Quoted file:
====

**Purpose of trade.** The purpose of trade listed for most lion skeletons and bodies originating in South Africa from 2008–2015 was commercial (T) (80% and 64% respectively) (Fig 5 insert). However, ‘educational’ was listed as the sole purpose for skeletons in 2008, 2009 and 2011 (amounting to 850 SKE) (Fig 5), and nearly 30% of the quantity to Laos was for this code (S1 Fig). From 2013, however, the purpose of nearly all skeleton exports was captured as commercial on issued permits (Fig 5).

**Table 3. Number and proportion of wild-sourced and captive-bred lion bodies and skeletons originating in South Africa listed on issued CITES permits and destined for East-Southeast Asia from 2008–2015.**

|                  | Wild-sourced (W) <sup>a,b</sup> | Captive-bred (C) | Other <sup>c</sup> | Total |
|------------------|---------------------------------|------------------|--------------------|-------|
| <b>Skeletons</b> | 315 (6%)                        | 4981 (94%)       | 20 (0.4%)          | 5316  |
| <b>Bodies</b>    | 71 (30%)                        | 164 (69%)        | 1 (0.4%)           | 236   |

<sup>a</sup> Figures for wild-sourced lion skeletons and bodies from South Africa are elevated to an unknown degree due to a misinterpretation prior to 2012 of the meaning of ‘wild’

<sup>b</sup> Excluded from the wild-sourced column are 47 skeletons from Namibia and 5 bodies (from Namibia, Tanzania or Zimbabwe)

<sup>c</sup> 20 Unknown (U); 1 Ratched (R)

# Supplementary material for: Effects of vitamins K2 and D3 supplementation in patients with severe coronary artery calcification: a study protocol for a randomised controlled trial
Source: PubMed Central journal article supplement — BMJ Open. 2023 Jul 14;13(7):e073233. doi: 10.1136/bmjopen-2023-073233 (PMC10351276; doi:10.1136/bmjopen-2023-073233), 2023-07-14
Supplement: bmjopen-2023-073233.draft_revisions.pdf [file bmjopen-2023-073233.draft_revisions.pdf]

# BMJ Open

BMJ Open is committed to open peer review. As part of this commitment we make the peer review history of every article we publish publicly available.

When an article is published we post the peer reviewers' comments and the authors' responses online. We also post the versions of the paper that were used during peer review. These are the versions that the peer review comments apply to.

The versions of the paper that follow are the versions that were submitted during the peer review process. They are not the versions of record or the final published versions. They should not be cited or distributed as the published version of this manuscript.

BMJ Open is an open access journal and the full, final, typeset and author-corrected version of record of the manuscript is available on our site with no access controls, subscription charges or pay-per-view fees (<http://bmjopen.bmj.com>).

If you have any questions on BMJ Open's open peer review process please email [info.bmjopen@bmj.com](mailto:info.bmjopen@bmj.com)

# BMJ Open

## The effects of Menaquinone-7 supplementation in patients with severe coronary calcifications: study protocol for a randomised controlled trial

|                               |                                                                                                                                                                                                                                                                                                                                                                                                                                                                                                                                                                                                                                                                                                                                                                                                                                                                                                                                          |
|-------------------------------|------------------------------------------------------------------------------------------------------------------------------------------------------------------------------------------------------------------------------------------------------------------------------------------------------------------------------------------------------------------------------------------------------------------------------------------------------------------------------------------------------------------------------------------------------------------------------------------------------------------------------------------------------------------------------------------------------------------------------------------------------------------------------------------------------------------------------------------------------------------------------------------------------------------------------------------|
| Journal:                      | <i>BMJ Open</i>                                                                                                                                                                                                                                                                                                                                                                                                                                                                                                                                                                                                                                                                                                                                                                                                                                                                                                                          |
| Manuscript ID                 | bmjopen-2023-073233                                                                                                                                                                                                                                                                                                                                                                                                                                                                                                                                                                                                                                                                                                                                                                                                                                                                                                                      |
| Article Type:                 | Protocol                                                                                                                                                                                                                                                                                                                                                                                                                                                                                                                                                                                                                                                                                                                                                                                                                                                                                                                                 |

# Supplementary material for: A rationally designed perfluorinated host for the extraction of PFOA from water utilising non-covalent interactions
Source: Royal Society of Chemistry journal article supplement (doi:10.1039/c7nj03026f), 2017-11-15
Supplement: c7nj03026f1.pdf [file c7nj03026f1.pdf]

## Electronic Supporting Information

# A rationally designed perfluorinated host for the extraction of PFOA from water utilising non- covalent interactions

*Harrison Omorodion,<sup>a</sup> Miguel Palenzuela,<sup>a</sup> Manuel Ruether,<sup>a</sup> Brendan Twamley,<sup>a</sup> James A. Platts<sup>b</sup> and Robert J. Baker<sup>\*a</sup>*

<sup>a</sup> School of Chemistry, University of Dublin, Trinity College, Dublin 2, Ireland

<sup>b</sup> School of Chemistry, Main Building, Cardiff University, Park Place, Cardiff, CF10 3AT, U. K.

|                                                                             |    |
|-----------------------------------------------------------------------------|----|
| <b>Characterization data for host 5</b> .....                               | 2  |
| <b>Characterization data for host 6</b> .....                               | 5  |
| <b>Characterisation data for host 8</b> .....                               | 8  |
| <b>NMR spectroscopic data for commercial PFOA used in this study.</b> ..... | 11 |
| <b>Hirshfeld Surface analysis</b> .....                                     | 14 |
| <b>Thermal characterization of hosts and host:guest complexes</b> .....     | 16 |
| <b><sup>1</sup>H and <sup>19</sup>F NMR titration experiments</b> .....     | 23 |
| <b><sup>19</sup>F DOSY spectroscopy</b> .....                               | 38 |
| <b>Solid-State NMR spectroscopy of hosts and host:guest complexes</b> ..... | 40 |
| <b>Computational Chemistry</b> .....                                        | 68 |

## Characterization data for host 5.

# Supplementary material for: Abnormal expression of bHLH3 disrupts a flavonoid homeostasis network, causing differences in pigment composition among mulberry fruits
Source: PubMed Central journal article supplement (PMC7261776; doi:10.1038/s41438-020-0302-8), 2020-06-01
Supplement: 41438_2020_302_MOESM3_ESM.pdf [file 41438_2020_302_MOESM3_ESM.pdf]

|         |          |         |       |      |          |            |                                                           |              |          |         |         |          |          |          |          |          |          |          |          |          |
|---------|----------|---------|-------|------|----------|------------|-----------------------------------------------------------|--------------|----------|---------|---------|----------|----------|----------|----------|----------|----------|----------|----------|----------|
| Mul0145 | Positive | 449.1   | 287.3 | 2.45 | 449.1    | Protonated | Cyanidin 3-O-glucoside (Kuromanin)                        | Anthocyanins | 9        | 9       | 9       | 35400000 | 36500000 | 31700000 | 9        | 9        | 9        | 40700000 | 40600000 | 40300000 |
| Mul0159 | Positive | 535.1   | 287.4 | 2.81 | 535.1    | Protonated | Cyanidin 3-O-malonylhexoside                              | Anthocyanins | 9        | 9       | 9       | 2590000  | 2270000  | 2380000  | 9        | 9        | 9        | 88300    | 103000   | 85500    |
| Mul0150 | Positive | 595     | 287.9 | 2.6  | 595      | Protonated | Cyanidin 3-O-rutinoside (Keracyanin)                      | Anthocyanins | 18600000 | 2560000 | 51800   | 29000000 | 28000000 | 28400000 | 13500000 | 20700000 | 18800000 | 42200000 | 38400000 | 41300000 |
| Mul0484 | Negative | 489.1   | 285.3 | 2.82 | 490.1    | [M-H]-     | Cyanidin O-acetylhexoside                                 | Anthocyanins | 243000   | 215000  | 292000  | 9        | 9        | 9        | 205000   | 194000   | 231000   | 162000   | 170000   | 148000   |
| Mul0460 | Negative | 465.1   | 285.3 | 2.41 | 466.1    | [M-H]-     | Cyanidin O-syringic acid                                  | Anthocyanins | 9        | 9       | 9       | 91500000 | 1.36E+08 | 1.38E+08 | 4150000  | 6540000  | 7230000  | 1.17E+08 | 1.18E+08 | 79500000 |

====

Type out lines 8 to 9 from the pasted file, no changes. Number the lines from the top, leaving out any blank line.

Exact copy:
<sup>b</sup> Excluded from the wild-sourced column are 47 skeletons from Namibia and 5 bodies (from Namibia, Tanzania or Zimbabwe)

<sup>c</sup> 20 Unknown (U); 1 Ratched (R)